"I'm down with that. Man, I think my pack gained twenty pounds on the way here, and that stream looks like heaven to me."

Both men dropped their packs with loud sighs of relief, and Blair stretched and twisted as he looked around them. They had been hiking for more than a day since they left their Jeep behind near the end of the road, hopefully camouflaged well enough that it would still be there when they returned.

Jim looked around as well, scanning each detail of the surrounding jungle. Since they had decided to travel light and not bring a tent, Jim had been carefully examining their surroundings for the last hour or so as they approached the temple. The downed and rotting logs resting up against the massive trunks of two ancient trees would be the backdrop to their camp site; if needed, a roof of branches, ferns and bark could easily be constructed to extend out over their sleeping area and packs. The area was mostly level and the nearby stream was a bonus; rocks found along the stream would make a safe fire circle. He could feel the tension in his body drop minutely; at least one aspect of their journey was going well.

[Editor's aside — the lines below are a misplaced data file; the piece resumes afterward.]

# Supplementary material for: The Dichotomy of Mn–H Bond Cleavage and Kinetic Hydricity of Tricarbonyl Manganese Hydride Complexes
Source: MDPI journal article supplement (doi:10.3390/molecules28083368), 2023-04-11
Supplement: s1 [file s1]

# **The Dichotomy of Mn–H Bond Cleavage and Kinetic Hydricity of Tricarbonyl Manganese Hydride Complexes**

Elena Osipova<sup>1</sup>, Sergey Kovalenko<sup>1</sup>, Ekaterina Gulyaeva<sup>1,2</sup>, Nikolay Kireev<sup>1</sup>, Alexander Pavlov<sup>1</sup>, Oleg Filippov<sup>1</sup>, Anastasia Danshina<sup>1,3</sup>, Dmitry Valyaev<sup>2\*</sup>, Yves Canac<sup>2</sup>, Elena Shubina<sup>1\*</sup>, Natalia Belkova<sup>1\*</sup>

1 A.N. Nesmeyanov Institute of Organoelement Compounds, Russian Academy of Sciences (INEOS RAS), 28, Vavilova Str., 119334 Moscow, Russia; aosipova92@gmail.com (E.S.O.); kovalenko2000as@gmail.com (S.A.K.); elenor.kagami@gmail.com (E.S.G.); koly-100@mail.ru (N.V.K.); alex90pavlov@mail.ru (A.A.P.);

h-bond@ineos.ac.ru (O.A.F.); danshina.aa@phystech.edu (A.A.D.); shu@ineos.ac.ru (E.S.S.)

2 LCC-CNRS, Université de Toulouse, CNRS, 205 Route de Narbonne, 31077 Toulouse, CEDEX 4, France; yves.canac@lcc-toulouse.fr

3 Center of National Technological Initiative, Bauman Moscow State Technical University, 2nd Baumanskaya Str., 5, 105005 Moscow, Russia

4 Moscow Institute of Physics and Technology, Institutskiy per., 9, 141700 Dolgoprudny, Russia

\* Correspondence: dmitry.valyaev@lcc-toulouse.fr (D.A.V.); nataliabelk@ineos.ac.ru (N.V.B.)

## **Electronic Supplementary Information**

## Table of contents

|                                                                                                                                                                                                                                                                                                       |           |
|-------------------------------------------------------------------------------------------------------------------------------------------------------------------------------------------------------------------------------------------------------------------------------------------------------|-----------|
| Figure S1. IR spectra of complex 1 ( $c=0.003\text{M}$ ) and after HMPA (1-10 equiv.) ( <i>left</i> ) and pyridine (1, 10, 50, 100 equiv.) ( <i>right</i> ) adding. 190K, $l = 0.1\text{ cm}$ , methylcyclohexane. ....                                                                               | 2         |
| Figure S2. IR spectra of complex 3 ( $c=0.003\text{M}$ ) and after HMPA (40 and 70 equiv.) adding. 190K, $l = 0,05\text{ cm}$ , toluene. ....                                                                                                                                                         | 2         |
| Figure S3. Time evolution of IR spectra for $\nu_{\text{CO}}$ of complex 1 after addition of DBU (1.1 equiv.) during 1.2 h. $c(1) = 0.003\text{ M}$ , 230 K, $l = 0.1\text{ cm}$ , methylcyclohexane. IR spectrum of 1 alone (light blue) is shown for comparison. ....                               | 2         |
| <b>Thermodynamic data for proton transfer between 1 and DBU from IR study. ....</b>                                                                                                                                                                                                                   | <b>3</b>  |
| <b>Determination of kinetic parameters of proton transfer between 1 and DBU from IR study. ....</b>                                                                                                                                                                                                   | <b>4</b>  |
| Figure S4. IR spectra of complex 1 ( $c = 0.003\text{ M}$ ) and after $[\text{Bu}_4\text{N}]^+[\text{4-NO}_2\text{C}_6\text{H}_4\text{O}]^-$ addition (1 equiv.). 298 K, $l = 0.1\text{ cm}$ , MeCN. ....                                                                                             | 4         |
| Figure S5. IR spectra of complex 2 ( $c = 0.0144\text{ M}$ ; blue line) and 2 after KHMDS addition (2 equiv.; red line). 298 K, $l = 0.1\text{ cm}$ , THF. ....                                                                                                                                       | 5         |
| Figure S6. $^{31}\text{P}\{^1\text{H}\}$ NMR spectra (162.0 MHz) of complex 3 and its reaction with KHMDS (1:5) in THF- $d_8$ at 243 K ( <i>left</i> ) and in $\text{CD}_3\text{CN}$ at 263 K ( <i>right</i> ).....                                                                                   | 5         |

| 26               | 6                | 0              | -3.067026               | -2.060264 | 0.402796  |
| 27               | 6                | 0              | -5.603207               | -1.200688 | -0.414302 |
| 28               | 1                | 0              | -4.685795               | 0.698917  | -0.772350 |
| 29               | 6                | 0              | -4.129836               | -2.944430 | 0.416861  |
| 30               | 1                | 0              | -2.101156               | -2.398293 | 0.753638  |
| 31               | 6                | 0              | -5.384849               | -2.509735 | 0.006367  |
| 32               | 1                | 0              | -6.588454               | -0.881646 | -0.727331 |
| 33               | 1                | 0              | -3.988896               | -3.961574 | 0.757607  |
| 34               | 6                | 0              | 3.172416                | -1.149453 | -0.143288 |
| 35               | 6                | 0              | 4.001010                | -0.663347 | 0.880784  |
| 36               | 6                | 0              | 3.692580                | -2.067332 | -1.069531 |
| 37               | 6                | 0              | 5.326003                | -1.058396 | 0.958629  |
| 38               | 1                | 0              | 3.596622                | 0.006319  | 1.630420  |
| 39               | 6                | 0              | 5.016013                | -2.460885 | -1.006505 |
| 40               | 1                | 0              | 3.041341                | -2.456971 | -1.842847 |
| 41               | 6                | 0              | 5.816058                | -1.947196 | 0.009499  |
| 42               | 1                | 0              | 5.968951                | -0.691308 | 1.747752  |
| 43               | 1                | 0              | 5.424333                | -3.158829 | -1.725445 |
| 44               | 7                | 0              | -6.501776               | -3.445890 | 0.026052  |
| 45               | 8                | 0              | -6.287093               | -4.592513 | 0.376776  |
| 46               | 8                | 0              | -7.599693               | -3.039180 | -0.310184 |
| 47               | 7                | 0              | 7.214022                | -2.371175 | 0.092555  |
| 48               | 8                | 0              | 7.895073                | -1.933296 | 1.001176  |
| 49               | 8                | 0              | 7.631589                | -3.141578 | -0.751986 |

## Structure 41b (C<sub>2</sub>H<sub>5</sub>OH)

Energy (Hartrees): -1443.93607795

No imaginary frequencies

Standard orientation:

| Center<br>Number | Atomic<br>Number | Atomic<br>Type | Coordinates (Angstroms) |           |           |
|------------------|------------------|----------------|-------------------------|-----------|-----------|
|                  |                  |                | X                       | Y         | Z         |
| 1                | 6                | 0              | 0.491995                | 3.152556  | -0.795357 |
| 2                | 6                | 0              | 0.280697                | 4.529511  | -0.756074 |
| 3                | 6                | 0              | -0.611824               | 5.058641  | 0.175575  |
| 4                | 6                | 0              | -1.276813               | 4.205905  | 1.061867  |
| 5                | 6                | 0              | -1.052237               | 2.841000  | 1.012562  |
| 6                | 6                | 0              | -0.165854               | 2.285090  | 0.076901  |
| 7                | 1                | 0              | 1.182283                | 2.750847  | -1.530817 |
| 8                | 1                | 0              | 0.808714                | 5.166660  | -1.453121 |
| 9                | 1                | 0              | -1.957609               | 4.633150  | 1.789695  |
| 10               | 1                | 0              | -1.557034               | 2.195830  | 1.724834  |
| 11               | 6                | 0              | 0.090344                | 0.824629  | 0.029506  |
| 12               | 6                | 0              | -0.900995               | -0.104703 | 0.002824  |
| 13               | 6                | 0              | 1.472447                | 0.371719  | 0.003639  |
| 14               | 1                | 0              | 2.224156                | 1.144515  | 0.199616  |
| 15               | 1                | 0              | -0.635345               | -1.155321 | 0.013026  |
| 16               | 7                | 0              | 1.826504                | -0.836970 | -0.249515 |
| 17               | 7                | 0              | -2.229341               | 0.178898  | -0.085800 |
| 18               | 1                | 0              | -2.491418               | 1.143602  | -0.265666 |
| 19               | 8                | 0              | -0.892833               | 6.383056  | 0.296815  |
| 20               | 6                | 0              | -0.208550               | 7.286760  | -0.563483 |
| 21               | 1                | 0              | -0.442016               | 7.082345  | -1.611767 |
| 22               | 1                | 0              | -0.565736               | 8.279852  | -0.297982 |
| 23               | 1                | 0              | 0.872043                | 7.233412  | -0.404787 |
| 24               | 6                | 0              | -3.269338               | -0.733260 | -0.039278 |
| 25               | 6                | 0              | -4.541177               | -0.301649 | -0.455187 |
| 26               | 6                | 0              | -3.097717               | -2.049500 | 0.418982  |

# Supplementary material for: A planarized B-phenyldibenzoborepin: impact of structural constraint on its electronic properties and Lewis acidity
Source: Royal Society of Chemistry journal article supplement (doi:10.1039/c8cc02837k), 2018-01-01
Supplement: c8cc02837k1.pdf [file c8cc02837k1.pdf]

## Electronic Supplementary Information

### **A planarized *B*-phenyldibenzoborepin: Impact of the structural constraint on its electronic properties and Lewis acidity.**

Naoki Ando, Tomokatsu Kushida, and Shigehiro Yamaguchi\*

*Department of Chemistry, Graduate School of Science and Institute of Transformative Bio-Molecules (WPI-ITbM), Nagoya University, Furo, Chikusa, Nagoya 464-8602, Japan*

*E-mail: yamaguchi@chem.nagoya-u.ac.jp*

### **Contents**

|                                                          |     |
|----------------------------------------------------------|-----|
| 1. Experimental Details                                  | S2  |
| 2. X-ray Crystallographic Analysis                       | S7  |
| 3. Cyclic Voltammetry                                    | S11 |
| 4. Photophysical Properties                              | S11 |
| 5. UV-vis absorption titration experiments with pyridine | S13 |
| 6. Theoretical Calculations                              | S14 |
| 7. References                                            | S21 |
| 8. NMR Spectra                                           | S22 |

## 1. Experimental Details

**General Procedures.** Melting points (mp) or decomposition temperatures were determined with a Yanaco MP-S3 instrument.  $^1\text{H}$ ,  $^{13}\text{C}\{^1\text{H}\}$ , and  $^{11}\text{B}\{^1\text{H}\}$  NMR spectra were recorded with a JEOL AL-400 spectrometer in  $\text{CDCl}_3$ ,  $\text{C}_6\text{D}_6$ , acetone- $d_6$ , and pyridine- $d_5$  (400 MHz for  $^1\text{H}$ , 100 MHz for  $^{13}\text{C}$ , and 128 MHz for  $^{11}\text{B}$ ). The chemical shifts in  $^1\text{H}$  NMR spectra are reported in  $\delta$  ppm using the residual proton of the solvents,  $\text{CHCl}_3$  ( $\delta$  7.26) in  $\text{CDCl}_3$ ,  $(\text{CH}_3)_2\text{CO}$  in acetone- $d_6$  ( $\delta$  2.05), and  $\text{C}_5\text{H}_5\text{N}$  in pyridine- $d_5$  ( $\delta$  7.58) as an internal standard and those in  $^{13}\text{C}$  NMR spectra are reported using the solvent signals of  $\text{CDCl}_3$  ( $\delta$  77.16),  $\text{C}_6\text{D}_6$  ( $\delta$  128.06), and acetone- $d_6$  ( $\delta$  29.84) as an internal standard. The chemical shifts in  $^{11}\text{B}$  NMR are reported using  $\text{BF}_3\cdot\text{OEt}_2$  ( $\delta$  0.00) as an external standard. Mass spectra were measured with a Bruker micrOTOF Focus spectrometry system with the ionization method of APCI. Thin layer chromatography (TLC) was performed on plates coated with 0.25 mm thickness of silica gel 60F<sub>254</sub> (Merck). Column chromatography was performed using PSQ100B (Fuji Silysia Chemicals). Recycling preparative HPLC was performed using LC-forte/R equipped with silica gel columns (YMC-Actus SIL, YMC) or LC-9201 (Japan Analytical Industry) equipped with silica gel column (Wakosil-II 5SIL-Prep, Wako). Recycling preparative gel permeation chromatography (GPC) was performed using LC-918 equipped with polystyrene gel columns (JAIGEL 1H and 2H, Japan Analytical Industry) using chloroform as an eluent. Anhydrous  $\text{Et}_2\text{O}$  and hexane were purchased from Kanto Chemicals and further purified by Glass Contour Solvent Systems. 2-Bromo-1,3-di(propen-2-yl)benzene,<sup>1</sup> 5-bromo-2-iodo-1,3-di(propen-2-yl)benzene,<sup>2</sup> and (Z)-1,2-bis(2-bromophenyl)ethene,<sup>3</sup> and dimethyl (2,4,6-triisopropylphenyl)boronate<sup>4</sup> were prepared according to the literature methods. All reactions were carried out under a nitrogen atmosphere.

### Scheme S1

"Hey, Jim. Earth to Jim. Anything wrong?" Blair called across the small clearing, concern evident in his voice.

"No, not at all, just looking around."

"Okay, as long as you're not zoning out on me. You know, that stream's calling my name. Mind if I take a break and clean up a bit before we start making camp?"

"Good idea. I think I'll join you."